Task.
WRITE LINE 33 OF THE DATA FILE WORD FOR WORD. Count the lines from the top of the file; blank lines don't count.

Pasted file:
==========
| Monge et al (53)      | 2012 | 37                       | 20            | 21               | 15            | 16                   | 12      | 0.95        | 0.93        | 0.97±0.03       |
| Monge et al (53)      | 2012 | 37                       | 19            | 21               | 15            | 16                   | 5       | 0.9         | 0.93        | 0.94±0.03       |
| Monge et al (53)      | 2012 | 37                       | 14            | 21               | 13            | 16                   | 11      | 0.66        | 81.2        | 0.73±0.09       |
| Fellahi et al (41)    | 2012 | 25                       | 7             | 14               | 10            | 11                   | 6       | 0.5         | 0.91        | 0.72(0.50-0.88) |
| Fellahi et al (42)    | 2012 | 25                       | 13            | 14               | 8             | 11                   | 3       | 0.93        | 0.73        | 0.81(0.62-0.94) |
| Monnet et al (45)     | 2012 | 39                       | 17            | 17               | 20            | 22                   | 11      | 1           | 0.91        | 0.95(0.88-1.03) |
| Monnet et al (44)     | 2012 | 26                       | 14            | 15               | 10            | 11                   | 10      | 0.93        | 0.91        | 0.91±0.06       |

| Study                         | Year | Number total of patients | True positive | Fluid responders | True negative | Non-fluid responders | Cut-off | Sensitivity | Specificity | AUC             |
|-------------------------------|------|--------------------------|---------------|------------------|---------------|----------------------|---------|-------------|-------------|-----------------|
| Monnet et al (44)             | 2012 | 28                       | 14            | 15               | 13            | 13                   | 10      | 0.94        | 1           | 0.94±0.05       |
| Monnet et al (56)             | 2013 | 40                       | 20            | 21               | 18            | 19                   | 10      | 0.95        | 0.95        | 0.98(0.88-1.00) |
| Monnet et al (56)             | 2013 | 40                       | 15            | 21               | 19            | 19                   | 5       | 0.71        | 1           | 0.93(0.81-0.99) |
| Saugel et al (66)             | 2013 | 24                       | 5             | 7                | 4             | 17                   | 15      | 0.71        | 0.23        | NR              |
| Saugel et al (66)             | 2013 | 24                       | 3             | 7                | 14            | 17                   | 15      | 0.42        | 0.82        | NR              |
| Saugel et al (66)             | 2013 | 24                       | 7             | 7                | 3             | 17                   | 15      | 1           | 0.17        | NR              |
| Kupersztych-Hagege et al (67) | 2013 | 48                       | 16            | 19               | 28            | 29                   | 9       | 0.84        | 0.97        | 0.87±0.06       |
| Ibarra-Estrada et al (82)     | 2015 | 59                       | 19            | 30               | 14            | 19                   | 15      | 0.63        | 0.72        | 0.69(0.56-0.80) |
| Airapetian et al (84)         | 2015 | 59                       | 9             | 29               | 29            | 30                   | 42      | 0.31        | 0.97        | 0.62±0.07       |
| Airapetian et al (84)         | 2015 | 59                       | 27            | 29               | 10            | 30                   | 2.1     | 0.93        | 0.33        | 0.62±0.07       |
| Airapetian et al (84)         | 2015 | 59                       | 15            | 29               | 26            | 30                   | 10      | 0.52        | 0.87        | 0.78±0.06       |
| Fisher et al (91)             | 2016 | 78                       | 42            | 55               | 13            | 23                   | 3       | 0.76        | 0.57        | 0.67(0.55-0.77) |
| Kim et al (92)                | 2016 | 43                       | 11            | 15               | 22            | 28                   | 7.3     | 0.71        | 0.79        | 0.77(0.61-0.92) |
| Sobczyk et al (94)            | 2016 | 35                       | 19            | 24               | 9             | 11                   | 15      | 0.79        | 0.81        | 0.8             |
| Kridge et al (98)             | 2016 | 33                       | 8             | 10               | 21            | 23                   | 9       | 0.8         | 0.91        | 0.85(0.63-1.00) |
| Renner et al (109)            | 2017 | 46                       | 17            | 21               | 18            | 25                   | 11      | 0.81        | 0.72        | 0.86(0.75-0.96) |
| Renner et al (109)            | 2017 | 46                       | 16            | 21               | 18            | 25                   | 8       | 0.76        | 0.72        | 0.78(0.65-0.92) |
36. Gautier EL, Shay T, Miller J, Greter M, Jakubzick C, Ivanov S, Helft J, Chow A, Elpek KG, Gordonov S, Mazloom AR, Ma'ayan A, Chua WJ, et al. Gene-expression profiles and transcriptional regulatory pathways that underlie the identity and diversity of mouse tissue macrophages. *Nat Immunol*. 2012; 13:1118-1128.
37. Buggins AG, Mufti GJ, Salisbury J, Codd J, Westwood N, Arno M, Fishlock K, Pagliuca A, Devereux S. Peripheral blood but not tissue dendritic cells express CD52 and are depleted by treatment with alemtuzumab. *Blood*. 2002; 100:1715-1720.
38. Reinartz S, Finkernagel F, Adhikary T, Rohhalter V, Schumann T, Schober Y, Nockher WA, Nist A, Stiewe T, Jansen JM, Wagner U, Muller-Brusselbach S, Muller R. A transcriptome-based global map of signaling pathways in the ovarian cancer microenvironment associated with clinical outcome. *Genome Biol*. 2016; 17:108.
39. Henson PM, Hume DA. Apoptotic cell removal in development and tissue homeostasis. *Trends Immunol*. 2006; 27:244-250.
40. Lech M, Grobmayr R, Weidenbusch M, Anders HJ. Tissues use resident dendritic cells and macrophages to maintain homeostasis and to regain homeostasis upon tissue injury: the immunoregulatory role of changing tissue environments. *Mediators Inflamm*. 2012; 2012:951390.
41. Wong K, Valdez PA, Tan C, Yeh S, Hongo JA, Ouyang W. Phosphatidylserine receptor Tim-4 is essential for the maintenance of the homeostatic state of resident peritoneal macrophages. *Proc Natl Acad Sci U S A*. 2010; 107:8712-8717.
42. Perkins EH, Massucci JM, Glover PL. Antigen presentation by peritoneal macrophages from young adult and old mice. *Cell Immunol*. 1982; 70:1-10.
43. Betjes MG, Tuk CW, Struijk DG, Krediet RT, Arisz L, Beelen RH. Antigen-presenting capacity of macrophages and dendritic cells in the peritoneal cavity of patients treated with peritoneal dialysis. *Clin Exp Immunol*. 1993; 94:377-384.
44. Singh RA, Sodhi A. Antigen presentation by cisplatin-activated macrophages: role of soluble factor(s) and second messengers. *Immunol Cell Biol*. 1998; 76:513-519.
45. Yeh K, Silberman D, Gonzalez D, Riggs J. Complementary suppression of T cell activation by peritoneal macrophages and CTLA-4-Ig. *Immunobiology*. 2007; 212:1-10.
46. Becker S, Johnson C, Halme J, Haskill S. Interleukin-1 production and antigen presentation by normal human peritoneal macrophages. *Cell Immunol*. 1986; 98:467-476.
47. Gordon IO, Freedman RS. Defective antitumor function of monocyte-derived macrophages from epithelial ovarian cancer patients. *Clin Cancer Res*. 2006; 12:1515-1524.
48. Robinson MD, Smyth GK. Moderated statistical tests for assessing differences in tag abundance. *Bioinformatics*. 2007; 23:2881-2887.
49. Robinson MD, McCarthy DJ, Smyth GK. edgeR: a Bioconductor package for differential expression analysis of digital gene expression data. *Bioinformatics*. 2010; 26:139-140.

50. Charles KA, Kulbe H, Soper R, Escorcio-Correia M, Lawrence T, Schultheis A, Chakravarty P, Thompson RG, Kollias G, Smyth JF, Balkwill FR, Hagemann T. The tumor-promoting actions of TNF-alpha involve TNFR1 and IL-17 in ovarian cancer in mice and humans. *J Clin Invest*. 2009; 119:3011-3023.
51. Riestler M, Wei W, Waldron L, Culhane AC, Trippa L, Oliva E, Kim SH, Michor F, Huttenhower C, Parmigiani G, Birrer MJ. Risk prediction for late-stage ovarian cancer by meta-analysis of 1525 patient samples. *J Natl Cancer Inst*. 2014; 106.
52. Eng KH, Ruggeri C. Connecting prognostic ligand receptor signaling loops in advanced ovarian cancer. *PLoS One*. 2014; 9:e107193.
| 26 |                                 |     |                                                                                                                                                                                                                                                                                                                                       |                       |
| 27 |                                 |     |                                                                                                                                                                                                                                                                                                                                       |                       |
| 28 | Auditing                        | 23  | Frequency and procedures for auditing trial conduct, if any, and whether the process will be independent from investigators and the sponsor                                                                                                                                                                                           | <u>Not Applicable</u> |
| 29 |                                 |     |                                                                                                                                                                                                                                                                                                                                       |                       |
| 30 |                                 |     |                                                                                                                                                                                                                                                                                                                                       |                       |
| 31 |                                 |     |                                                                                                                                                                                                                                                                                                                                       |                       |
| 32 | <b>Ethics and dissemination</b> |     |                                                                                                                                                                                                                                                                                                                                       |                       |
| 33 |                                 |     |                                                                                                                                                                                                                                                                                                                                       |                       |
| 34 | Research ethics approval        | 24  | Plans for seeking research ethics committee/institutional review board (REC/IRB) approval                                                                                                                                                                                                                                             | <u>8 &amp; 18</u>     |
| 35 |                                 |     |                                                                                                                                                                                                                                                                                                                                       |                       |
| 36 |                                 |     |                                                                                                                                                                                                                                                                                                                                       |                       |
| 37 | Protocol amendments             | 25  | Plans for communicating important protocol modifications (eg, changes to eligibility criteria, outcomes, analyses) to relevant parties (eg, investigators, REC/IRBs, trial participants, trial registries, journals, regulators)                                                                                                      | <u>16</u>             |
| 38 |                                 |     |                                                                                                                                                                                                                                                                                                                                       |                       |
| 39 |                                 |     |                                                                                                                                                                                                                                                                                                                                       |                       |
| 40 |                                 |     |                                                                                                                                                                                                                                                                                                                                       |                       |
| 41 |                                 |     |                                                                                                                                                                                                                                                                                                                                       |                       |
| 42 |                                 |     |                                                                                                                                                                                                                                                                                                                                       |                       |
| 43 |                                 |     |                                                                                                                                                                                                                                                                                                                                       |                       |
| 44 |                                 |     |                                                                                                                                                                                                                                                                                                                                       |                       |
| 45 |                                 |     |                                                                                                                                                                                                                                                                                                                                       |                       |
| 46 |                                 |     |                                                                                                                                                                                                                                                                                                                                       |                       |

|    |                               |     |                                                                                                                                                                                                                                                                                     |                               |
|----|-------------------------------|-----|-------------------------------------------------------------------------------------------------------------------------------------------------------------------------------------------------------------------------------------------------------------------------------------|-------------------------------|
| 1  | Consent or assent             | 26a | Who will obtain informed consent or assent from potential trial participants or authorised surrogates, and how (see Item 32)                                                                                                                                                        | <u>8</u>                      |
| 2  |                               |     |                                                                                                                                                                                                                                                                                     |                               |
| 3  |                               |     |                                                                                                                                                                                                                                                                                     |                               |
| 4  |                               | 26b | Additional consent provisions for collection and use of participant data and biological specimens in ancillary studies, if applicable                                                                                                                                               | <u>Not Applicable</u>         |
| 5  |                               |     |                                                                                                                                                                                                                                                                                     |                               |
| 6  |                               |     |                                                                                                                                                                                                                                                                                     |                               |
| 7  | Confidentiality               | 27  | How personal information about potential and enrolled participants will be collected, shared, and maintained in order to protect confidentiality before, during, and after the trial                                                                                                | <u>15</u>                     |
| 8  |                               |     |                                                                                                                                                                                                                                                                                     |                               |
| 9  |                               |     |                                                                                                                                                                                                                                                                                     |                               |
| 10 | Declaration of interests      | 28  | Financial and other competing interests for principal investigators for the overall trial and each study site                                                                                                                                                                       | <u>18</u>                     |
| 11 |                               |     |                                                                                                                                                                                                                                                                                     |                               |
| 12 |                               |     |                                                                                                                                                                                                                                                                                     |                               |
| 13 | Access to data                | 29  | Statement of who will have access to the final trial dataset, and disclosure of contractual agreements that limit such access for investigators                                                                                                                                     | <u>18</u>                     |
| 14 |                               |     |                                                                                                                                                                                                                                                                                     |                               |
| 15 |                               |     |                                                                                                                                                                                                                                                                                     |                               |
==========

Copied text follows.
42. Perkins EH, Massucci JM, Glover PL. Antigen presentation by peritoneal macrophages from young adult and old mice. *Cell Immunol*. 1982; 70:1-10.